There may be technicalities, however, that a defendant could use when charged with refusing to take a test. An officer requesting a chemical test in Minnesota must tell a driver that refusing it is a crime. Further, the officer must let drivers know that they have the right to speak to a lawyer for a reasonable amount of time, or a length of time that would not significantly delay the test. Deviating from these standards provides a defendant with a credible argument.

Defending against chemical tests

Failing a chemical test does not automatically guarantee a DWI conviction. There are several ways that the test could have produced inaccurate results. For example, if a law enforcement officer does not properly calibrate a breath test device, the machine cannot be trusted to take an accurate reading. According to the National Motorists Association, defects in the device can lead to as much as a 50 percent margin of error on the results.

Breath tests have long been criticized for their reliability. The machines can misinterpret bread, paint, blood and vomit as alcohol. Even certain medical conditions will affect a breath test. The National Highway Traffic Safety Administration reports that diabetics may fail breath tests due to the high levels of acetone they have naturally in their systems. Breath tests often mistake acetone for alcohol.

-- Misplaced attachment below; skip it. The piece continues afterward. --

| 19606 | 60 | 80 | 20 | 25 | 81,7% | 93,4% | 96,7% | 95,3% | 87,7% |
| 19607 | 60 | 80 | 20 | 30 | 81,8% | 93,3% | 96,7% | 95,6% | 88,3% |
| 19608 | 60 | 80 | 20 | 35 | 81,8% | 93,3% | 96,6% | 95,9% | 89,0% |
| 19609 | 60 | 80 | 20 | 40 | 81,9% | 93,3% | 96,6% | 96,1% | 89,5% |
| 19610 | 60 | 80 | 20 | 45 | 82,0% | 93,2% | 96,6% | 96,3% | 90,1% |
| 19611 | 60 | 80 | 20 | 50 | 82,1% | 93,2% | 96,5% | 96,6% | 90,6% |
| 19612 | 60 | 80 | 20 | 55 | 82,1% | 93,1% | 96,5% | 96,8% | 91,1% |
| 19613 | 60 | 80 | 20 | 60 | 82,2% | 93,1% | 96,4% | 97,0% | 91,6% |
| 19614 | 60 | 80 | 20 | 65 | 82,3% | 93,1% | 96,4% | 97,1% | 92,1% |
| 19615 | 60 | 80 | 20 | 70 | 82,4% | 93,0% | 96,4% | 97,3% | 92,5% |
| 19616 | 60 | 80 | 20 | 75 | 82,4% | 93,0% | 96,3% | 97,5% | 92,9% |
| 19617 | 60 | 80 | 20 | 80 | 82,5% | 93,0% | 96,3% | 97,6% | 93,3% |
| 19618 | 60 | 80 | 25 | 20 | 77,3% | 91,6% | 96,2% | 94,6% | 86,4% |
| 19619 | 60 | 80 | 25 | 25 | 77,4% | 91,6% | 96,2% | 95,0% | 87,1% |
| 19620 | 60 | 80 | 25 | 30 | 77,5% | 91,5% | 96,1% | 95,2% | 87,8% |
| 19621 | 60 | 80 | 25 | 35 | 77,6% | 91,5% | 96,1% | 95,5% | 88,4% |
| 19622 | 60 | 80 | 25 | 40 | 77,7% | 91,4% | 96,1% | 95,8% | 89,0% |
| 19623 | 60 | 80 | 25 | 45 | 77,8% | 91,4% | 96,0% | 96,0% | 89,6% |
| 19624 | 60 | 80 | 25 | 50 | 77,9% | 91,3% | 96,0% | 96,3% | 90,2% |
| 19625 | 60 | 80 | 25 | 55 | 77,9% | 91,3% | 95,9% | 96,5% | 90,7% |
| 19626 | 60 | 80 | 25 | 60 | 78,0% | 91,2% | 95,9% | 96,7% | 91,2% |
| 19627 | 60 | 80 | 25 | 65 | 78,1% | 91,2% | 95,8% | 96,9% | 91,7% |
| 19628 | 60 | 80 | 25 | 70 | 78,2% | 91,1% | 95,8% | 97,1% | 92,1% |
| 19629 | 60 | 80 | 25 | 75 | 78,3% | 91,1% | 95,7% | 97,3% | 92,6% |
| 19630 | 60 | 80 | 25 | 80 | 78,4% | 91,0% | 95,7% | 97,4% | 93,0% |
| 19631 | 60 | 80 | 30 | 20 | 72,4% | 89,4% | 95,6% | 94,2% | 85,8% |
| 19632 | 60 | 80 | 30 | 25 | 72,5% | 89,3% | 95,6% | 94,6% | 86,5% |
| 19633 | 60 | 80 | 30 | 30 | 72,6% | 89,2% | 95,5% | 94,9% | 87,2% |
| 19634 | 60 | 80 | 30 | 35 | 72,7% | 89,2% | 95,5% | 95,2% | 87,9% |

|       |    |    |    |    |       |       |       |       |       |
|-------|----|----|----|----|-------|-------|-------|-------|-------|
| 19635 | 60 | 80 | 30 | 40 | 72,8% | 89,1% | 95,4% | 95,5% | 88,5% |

Drivers should be well aware of their rights when pulled over on suspicion of driving drunk. Knowing the laws can prevent an unnecessary loss of privileges or arrest. People charged with drunk driving should contact a Minneapolis DWI attorney as soon as possible.

Max Keller has won countless jury trial cases involving misdemeanors and felonies, sex crimes, and DWI’s. He is a member of the Minnesota Society for Criminal Justice, which only allows the top 50 criminal defense attorneys in the state as members. Max is a frequent speaker at CLE’s and is often asked for advice by other defense attorneys across Minnesota.